Towards clinical expertise: learning transitions of neuromusculoskeletal physiotherapyists

  • Nicola Petty

Student thesis: Doctoral Thesis


Postgraduate neuromusculoskeletal physiotherapy courses in the UK, accredited by the Manipulation Association of Chartered Physiotherapists (MACP), aim to promote clinical expertise. Gaining the specialist qualification has been demonstrated to enhance career progression to extended scope practitioner, clinical specialist and consultant roles within the NHS. While research has identified the attributes of expertise, there is limited understanding of how individuals learn and develop that expertise. The aim of the study was to develop an explanatory theory of the learning transitions of neuromusculoskeletal physiotherapists on completion of an MACP approved Masters programme. The methodology was a naturalistic inquiry using a single theory-seeking case study design and insider research. Twenty six semi-structured face to face or telephone, audio-taped interviews with eleven alumni who had successfully completed a MSc neuromusculoskeletal physiotherapy course participated and were selected using purposeful sampling. Alumni were interviewed between six months and five years after completion of the MSc. A further two study participants with high levels of clinical expertise, were theoretically sampled and interviewed once. Dimensional analysis of the research data was used to develop a substantive theory of the learning transition. The learning transition was from hidden, received practice knowledge with routine, therapist centred clinical practice to critical understanding of practice knowledge that enabled patient centred practice and the capability to learn in, and from, practice. This development towards clinical expertise was primarily facilitated by critical evaluation of practice knowledge through critical companionship in the practice setting. The learning transition varied between study participants and depended on their conception of clinical practice, epistemology of practice knowledge, conception of teaching and learning, achievement motivation, locus of control, perceived self efficacy in practice knowledge, professional self esteem, emotional control, learning relationships and learning style. Findings suggest that direct observation of clinical practice together with the questioning and challenging approach of critical companionship within clinical practice enhanced the clinical expertise of neuromusculoskeletal physiotherapists. Clinical expertise was characterised by critical understanding of practice knowledge, patient centred practice and a capability to learn in, and from, clinical practice. The explanatory theory of the learning transition has implications for physiotherapy clinical practice, education and research.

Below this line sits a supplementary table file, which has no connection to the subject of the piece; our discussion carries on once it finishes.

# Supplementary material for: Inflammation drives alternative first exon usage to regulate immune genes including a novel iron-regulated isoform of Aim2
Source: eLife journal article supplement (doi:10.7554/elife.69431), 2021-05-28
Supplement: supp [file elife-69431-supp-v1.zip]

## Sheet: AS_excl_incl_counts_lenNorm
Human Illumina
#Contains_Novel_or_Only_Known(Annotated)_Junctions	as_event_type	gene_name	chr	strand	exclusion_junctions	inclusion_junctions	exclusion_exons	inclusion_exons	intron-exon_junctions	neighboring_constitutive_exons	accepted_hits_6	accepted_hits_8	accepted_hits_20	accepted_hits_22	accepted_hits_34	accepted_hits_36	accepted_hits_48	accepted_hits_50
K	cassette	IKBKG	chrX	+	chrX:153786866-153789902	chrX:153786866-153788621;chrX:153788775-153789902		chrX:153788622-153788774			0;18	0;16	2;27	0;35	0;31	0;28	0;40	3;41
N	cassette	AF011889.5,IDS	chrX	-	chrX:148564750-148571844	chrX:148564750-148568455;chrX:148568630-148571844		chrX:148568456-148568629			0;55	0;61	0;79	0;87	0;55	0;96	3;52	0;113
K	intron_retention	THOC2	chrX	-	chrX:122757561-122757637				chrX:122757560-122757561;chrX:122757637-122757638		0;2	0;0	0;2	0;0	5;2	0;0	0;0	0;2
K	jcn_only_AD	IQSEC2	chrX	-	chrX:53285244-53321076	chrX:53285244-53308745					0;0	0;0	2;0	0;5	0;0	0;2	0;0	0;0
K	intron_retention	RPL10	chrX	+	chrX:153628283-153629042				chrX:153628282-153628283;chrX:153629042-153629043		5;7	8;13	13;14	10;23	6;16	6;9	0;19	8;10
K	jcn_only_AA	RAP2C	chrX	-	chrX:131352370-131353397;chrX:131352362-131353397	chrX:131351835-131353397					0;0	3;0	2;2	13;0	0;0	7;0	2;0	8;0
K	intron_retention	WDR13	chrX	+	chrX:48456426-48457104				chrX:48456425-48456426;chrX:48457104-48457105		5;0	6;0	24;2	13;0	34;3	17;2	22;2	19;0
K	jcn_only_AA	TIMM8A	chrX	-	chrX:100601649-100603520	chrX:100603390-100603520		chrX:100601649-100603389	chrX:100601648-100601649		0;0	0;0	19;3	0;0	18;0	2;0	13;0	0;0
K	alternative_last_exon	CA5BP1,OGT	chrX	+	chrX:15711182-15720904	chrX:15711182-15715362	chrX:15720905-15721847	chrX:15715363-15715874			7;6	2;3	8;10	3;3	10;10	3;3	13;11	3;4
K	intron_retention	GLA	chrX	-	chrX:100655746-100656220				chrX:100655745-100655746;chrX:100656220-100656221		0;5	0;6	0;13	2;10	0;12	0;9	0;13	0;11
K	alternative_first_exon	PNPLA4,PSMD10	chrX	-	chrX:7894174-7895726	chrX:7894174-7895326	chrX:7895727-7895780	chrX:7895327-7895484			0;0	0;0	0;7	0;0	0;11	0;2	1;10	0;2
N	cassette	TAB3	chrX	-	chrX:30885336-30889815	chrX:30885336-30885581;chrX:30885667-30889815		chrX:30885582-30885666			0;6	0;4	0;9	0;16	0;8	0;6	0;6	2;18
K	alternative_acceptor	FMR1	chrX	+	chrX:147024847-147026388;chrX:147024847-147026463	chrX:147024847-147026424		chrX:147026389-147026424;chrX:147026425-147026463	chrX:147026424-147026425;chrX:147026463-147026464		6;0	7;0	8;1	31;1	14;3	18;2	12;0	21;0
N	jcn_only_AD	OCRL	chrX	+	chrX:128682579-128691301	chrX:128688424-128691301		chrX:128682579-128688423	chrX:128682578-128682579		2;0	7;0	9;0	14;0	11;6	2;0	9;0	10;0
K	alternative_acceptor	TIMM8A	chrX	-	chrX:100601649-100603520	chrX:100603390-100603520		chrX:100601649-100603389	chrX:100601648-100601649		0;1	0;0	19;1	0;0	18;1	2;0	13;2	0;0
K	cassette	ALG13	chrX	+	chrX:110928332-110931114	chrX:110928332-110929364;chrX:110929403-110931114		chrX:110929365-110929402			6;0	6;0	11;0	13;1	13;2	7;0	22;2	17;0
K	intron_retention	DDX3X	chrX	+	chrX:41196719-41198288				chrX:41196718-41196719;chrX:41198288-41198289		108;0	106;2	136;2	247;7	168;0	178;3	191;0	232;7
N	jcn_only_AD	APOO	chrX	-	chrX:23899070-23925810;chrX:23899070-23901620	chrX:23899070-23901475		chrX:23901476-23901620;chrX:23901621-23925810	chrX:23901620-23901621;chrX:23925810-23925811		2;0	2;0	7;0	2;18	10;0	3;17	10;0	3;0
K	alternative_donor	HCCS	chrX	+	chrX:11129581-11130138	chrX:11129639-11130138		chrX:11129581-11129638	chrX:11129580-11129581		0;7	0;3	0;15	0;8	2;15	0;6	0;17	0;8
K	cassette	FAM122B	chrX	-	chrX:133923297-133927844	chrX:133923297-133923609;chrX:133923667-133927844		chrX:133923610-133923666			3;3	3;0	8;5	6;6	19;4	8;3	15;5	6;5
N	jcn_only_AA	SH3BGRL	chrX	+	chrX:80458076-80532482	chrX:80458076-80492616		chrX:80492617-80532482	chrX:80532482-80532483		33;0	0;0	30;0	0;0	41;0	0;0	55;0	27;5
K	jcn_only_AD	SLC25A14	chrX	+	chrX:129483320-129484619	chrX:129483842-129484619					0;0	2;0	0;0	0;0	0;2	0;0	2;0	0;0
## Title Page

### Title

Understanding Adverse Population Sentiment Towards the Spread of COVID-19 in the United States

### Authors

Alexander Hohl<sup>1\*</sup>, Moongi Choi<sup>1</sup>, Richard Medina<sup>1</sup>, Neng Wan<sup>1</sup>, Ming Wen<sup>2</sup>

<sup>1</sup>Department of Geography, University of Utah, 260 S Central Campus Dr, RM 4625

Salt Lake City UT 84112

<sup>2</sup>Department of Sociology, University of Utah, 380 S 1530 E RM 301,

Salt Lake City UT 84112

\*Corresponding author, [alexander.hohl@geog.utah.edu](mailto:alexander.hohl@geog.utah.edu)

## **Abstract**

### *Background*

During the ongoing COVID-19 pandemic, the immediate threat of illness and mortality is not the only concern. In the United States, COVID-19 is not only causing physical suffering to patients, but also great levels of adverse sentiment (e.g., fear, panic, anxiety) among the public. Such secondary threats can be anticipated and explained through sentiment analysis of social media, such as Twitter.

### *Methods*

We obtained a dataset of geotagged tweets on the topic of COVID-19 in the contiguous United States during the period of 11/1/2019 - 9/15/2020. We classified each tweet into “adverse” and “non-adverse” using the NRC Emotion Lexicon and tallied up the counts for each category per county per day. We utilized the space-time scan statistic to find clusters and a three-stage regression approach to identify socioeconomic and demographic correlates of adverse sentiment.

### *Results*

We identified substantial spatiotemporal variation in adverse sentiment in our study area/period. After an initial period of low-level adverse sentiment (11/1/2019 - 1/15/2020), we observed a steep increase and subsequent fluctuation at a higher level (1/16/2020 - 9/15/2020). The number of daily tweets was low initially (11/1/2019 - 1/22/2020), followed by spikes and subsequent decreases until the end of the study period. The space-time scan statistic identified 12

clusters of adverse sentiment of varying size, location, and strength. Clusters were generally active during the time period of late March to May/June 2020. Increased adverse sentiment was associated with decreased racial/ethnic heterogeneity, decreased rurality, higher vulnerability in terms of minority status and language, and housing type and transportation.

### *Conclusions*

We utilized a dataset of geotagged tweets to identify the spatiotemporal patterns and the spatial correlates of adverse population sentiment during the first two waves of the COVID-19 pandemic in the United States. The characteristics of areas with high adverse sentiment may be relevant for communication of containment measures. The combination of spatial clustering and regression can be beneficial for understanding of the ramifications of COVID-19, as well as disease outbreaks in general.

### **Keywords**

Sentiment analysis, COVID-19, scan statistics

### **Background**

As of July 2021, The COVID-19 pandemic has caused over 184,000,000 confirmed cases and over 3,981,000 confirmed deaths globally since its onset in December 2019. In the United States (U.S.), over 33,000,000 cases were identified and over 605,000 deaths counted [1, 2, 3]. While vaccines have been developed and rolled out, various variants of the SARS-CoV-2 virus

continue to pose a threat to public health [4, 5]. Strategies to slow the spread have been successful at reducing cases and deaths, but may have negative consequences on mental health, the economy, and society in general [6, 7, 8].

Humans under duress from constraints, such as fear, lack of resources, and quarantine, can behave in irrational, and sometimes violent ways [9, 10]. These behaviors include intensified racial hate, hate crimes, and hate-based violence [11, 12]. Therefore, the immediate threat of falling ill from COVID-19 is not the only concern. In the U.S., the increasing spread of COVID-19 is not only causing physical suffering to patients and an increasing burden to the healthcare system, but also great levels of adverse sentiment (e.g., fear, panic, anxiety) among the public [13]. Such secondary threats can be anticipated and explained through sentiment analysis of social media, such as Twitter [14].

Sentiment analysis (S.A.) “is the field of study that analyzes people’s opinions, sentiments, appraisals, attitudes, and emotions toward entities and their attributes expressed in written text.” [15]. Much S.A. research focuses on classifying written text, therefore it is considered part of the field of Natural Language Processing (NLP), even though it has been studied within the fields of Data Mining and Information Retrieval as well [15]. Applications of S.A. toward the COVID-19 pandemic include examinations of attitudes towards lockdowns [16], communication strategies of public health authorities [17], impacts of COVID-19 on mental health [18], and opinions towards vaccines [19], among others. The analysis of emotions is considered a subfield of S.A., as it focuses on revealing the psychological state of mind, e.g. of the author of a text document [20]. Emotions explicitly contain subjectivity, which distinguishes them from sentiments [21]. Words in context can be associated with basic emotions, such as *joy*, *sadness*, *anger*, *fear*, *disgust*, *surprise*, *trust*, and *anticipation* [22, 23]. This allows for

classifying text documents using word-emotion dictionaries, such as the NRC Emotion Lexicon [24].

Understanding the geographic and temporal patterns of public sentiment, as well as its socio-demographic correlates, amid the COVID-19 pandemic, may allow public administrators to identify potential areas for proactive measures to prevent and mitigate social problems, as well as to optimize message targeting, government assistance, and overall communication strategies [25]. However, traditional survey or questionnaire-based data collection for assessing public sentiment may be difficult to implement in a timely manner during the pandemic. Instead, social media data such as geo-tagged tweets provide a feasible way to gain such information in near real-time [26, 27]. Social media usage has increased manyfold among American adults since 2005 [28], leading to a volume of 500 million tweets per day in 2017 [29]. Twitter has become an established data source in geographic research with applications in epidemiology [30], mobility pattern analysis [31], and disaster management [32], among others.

Date of Award1 Jan 2009
Original languageEnglish
Awarding Institution
  • University of Brighton

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